Multicomponent interventions, by definition, employ a variety of methodologically distinct approaches to address caregiver needs. The intent underlying the use of multicomponent interventions is to recognize that the complexity of caregiving issues is best addressed by a variety of components rather than just one. The heterogeneity of interventions subsumed by this category, therefore, has made it somewhat more difficult to analyze than more homogenous/intervention types. For example, even though Parker et al (2008) recognize that the majority of multicomponent interventions studies they identified showed a significantly positive effect, these studies could not be pooled for meta-analysis. Coon et al (2009) highlighted an intervention that demonstrated significant positive effects on depressive symptoms that persisted for 3 years after an intervention. Conversely, Pinquart & Sørensen (2006) were able to pool studies and found that multicomponent interventions significantly influenced the time required for a CR to be institutionalized, but that these interventions had no effect on burden, depression, SWB, CR symptoms or caregiver knowledge/awareness. The caution in looking at multicomponent interventions in the meta-analysis rests in the variability of the structure and delivery of the components. The findings from Pinquart & Sørensen (2006) are contrasted with a multi-site multicomponent caregiver intervention known as the Resources for Enhancing Alzheimer’s Caregivers Health (REACH) study.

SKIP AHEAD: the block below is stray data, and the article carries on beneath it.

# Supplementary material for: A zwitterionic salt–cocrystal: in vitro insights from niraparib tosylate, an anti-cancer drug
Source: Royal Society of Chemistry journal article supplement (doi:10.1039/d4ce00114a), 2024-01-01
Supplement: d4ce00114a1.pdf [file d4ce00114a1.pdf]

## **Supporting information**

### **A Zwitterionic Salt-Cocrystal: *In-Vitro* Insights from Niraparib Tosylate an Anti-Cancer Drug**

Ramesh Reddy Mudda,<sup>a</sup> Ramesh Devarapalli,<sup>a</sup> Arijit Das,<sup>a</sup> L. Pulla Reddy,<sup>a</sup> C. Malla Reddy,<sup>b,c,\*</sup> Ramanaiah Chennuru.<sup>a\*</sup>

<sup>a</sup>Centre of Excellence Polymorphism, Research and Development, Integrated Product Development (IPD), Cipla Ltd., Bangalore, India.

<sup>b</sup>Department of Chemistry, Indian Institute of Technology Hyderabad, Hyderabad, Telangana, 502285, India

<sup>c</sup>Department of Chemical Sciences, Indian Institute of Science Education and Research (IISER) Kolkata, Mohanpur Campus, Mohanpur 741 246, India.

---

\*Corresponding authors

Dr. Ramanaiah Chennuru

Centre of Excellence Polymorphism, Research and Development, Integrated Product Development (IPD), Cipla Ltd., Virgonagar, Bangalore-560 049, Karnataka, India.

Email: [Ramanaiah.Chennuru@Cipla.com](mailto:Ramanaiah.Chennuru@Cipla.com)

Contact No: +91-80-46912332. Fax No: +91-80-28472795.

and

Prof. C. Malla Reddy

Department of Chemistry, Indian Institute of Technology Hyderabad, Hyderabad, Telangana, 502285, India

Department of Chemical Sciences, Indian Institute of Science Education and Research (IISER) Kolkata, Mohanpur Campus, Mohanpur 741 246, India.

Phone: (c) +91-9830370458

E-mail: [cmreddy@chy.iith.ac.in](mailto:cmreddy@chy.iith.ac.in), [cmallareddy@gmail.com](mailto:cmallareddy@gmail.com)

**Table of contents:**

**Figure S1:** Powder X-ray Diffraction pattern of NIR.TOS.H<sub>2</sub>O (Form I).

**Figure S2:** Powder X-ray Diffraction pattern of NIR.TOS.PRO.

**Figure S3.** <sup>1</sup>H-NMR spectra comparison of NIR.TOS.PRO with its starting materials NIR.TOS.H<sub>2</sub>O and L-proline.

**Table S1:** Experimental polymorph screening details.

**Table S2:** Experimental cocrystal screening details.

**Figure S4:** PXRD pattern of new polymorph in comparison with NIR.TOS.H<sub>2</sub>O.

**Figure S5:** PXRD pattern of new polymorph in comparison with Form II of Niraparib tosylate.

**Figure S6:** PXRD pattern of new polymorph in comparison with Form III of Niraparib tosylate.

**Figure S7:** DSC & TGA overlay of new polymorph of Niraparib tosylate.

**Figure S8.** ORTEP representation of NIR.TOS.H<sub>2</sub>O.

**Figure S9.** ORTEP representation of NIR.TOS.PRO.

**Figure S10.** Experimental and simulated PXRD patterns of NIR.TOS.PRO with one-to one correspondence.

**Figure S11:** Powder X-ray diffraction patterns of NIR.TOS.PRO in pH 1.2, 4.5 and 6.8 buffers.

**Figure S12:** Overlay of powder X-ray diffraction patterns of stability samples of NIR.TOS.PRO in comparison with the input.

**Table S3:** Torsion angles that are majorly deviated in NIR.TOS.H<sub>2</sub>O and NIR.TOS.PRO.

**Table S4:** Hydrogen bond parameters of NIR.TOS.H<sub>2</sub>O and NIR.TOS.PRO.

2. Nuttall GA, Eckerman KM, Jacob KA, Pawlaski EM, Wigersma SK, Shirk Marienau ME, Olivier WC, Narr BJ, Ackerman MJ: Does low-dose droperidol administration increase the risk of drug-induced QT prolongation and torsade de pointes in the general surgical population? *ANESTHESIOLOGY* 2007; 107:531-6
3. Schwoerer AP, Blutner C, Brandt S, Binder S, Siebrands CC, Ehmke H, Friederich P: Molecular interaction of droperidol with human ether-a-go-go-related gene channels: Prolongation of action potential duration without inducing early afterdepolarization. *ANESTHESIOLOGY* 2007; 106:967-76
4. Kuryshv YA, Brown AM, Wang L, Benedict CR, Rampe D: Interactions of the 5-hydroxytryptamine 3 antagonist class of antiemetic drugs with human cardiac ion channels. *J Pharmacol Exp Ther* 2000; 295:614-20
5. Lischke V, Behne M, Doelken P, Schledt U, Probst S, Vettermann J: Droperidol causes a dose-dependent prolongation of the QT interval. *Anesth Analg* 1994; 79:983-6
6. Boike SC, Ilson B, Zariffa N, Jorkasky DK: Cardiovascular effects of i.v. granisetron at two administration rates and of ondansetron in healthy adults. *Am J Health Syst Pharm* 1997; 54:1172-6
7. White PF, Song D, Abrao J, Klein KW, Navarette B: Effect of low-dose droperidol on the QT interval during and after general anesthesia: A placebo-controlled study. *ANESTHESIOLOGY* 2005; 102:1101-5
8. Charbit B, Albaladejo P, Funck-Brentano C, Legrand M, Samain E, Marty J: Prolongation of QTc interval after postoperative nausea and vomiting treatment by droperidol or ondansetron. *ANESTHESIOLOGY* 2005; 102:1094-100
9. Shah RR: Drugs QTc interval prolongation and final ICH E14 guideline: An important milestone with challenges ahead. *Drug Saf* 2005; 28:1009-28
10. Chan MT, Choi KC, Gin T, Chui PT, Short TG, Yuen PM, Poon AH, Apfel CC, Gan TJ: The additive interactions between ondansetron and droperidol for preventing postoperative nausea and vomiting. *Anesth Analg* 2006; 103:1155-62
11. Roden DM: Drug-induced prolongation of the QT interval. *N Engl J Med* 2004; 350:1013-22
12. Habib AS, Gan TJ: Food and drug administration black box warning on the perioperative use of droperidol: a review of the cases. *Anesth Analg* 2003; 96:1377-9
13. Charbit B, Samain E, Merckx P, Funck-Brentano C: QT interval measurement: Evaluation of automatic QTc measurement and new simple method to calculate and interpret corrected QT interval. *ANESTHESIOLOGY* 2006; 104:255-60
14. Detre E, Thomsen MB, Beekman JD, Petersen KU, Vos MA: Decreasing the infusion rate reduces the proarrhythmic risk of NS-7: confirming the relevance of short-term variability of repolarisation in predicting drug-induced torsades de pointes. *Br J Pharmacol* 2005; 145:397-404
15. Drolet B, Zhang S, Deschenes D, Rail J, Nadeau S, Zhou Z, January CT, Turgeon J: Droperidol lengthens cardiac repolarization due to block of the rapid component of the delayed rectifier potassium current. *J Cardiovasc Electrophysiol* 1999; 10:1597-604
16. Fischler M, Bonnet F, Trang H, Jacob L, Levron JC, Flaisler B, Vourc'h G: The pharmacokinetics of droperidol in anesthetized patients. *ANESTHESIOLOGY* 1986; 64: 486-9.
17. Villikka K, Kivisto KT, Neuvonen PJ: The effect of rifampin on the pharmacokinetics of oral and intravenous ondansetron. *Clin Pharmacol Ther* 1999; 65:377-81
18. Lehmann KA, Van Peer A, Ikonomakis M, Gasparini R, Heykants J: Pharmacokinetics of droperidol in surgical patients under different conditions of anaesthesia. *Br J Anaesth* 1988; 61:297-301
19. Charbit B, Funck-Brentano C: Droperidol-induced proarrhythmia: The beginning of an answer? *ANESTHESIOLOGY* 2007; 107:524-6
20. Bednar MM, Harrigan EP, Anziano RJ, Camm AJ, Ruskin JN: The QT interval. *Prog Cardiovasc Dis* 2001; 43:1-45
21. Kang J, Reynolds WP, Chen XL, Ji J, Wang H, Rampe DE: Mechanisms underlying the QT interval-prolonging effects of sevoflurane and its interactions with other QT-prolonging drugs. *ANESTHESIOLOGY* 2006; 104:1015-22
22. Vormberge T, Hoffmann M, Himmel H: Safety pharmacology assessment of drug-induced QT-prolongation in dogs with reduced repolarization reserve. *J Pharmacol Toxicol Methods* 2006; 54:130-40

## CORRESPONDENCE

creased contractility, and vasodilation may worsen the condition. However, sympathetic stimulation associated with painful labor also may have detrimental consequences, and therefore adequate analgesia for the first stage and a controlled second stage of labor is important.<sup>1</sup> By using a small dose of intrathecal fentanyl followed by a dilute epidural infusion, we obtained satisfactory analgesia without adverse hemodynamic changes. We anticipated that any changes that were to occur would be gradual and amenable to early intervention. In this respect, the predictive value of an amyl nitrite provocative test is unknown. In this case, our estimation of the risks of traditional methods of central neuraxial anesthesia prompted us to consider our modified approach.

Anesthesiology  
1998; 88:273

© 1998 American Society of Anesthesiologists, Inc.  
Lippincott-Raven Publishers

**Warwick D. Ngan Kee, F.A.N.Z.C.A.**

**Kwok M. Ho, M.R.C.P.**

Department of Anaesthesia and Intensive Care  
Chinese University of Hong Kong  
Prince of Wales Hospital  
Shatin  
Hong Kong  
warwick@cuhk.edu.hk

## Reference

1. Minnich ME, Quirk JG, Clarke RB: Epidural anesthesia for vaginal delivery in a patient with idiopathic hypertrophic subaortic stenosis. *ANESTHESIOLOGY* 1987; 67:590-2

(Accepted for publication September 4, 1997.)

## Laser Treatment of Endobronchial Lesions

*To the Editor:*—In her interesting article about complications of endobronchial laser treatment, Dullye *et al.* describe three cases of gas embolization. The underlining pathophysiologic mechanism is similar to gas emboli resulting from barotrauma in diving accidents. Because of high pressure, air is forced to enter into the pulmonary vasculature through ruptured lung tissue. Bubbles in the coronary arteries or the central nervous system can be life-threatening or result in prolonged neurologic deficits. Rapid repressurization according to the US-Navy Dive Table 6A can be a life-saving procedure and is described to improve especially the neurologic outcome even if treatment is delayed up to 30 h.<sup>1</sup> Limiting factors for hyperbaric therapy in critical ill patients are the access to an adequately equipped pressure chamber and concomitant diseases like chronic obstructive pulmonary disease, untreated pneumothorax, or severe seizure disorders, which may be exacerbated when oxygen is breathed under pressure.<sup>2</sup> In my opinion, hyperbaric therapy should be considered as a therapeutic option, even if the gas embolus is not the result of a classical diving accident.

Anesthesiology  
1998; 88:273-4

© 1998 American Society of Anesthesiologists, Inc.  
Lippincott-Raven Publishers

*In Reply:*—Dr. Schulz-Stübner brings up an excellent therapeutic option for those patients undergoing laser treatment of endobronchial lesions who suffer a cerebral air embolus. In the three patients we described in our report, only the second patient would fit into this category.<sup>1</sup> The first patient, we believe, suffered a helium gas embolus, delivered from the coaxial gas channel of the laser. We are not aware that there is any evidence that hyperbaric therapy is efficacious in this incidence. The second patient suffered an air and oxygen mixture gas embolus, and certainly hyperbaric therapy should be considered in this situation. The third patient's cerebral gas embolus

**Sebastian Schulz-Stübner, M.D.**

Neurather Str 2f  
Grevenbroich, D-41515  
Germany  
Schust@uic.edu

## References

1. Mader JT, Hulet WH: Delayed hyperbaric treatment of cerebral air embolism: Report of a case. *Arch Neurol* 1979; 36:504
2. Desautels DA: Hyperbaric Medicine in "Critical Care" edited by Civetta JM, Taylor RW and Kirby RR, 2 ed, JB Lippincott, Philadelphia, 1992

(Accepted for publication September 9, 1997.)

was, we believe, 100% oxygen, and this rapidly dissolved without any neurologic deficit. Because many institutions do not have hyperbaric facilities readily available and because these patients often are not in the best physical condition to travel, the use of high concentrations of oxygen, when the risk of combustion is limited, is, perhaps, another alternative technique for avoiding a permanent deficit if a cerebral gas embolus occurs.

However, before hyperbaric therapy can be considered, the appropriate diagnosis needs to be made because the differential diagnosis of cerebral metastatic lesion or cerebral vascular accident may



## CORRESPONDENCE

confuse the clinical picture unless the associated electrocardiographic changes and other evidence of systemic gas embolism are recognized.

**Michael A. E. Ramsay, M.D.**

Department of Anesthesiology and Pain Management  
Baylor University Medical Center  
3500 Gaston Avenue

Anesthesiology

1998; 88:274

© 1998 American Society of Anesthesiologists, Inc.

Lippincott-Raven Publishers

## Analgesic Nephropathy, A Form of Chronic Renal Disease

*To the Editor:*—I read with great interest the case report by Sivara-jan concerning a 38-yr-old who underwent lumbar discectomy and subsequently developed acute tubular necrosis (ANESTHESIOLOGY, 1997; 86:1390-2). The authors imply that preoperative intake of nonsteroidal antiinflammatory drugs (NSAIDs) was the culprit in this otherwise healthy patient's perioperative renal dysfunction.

REACH was a landmark multi-site randomized clinical trial designed to test the effectiveness of several different caregiver interventions and then analyze the pooled effects. According to Schulz (2005) “this research program was able to link specific elements of a multicomponent intervention to caregiver outcomes, showing that interventions that actively engage the caregiver in skill acquisition aimed at regulating their own behavior result in significant improvements in caregiver depression.” Thus, the outcomes that multicomponent interventions impact may vary depending on the particular mix of components – a point that highlights the importance of being able to assess the strength of intervention evidence for sources of bias or error.
Aside from identifying specific programs that demonstrated positive effects on burden and depressive symptoms in certain populations, the key finding was that interventions should be able to respond to varying needs of caregivers and therefore be tailored, wherever possible, to the individual. The initial REACH I trial gave rise to a follow up randomized clinical trial, REACH II, which used a multicomponent approach to addressing caregiver needs in an adaptive framework (Belle et al., 2006). Theoretically, the REACH trials are underpinned by the “stress-health” model and the REACH II interventions sought to employ interventions that would address the pathway of issues that comprise the proposed stress-health mechanism (see Figure 1).